Exercise a must for all cancer patients

Sarah Wiedersehn

Exercise is the best medicine and should be prescribed to all cancer patients, some of Australia's leading experts say.

The Clinical Oncology Society of Australia has launched its position statement on the role of exercise alongside surgery, chemotherapy and radiation in cancer care.

Endorsed by a group of 25 influential health and cancer organisations, including Cancer Council Australia, it is the world's first ever researcher-led call for exercise to be an essential component of treatment.

Lead author, Professor Prue Cormie from the Australian Catholic University says the statement is based on "indisputable" evidence.

"Really we are at the stage where the science is telling us that withholding exercise from cancer patients can be harmful," Professor Cormie said.

"Exercise is the best medicine someone with cancer can take in addition to their standard cancer treatments. That's because we know now that people who exercise regularly experience fewer and less severe treatment side-effects; cancer related fatigue, mental distress, quality of life."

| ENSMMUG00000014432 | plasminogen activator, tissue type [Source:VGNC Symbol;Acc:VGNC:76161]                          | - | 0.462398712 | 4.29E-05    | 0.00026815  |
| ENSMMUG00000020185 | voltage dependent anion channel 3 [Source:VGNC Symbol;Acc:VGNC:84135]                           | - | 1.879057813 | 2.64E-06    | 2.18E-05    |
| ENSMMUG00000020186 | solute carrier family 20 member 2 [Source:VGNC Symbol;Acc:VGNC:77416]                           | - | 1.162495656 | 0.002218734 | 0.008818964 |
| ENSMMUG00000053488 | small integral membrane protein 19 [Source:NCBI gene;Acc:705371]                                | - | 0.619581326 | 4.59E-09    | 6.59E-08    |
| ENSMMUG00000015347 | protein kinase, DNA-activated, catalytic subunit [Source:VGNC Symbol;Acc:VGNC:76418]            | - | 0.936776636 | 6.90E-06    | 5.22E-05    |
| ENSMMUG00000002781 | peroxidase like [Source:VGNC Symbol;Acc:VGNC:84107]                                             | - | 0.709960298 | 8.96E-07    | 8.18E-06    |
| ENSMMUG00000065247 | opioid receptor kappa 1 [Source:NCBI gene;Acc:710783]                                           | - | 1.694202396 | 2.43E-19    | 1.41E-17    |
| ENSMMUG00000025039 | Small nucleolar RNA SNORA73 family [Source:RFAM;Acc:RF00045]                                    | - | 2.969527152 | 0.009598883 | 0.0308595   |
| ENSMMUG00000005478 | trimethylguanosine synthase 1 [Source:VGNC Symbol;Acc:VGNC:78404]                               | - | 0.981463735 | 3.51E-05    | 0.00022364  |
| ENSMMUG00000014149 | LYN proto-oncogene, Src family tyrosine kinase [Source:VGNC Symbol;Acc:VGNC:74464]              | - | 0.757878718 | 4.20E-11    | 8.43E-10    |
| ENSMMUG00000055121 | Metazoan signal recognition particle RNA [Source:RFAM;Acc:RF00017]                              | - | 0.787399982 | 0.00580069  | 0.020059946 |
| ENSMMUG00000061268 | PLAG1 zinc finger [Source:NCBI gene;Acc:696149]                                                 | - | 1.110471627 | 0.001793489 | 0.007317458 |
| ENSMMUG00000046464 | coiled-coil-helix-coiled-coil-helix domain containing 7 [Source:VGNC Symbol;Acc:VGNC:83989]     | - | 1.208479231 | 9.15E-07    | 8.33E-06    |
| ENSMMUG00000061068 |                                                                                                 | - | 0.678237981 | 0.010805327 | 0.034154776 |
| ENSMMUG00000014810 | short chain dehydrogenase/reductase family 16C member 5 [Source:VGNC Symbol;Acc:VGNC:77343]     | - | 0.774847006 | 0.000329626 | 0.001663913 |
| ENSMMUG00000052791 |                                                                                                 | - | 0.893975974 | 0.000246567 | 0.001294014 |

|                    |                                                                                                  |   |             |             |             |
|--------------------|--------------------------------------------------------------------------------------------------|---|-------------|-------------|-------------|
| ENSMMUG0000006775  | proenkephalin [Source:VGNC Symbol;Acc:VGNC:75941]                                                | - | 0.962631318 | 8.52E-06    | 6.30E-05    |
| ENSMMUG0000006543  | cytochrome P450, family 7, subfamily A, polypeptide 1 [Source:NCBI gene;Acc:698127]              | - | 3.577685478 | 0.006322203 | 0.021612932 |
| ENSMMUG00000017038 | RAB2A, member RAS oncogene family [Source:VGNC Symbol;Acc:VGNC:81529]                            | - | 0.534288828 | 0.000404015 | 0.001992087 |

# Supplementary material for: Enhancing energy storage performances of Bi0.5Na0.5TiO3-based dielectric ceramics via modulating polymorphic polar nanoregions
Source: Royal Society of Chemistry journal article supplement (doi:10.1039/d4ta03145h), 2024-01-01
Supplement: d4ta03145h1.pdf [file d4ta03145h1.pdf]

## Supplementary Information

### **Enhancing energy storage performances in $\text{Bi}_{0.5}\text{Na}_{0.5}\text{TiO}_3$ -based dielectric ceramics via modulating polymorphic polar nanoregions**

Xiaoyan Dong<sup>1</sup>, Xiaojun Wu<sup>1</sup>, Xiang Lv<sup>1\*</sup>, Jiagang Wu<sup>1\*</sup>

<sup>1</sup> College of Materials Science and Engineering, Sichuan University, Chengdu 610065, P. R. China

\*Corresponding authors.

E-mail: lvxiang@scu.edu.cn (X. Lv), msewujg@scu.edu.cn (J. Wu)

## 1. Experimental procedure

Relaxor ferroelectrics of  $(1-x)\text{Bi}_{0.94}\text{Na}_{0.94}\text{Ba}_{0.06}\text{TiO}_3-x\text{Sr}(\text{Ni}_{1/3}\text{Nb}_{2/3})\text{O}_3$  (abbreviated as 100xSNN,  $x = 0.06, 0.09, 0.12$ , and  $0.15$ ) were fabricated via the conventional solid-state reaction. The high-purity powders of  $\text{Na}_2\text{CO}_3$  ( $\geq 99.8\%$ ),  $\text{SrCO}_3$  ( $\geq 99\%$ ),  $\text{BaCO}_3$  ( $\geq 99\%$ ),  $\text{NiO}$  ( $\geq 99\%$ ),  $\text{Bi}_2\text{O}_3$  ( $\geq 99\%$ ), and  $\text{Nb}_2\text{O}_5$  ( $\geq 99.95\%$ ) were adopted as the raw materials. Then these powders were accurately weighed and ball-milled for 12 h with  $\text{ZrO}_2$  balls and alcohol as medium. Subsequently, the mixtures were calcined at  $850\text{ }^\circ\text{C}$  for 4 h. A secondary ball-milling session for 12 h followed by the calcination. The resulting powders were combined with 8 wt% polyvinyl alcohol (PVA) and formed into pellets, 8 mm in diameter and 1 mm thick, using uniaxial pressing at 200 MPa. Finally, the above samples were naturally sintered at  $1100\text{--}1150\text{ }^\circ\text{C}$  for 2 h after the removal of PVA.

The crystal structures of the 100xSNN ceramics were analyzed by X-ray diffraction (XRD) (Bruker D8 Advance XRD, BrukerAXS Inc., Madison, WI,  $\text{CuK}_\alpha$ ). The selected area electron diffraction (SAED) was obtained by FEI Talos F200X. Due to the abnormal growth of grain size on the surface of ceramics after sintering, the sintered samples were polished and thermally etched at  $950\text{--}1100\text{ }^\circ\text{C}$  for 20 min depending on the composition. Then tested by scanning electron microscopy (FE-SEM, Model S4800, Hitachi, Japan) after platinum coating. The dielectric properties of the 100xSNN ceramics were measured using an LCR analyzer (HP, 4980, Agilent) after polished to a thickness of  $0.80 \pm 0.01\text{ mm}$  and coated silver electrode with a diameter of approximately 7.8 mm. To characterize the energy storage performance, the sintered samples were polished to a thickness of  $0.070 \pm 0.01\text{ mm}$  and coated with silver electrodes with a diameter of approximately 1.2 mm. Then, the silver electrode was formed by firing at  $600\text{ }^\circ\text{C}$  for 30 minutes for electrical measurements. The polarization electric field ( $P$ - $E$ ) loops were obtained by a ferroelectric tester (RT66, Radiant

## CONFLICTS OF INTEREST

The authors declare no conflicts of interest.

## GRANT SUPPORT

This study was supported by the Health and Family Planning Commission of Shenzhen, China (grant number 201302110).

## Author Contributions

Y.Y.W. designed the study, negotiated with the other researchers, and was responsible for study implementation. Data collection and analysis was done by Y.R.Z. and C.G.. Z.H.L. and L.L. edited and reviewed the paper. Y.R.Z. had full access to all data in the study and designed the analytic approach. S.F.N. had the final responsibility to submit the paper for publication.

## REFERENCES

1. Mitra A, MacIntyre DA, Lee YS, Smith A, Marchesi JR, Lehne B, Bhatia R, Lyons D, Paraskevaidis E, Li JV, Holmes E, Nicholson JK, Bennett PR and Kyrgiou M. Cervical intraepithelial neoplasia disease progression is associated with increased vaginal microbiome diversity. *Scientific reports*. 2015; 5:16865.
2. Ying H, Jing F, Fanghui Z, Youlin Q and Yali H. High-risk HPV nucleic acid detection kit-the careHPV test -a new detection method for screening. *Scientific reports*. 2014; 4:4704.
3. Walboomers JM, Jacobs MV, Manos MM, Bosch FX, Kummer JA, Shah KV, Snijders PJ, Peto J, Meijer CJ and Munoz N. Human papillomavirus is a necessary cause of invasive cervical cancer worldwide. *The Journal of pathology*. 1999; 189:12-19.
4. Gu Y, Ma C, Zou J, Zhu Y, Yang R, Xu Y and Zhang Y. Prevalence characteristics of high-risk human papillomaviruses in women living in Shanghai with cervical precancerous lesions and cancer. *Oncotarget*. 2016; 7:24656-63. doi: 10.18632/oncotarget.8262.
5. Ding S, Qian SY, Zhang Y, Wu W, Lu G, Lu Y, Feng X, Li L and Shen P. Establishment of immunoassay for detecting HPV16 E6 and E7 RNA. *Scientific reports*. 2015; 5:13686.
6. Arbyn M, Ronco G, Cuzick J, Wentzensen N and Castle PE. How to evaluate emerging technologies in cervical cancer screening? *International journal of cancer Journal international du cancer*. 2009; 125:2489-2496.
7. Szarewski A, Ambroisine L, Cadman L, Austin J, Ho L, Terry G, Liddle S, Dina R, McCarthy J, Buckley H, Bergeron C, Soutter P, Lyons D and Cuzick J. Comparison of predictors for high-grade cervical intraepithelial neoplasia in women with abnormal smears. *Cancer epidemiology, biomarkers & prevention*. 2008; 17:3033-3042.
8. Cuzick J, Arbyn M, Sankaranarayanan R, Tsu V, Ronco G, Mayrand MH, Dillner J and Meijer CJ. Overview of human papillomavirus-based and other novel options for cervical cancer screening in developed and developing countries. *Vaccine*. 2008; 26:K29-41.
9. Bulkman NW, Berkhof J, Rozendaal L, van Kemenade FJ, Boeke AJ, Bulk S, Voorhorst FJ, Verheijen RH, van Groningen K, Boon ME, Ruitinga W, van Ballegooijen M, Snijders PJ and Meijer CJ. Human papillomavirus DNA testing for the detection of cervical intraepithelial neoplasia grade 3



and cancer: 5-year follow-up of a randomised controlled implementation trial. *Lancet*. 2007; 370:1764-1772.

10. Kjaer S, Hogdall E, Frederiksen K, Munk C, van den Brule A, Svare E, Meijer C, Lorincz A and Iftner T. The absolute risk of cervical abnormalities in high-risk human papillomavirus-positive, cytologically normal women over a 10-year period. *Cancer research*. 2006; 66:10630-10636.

They also have a lower risk of their cancer coming back or dying from the disease, said Professor Cormie.

People with cancer are recommended to do two to three resistance sessions a week and at least 150 minutes of moderate aerobic exercise, or such as walking, cycling or swimming.

Gone are the days of wrapping cancer patients in "cotton wool", says David Speakman, Chief Medical Officer at the Peter MacCallum Cancer Centre.

"Our attitudes to treating cancer, what it takes to give people their best chance at survival, have to change. All cancer patients will benefit from an exercise prescription," Dr Speakman said.

Nicole Cooper, 33, was diagnosed with stage 4 bowel cancer last year, and believes a big reason why she is still alive is because of the exercise regime she followed while undergoing treatment.

"When I received a terminal cancer diagnosis, I was prescribed two potentially lifesaving cancer treatments: chemotherapy and exercise," she said.

"A year later, I am in remission, having taken just as much exercise as I have chemotherapy," Ms Cooper said.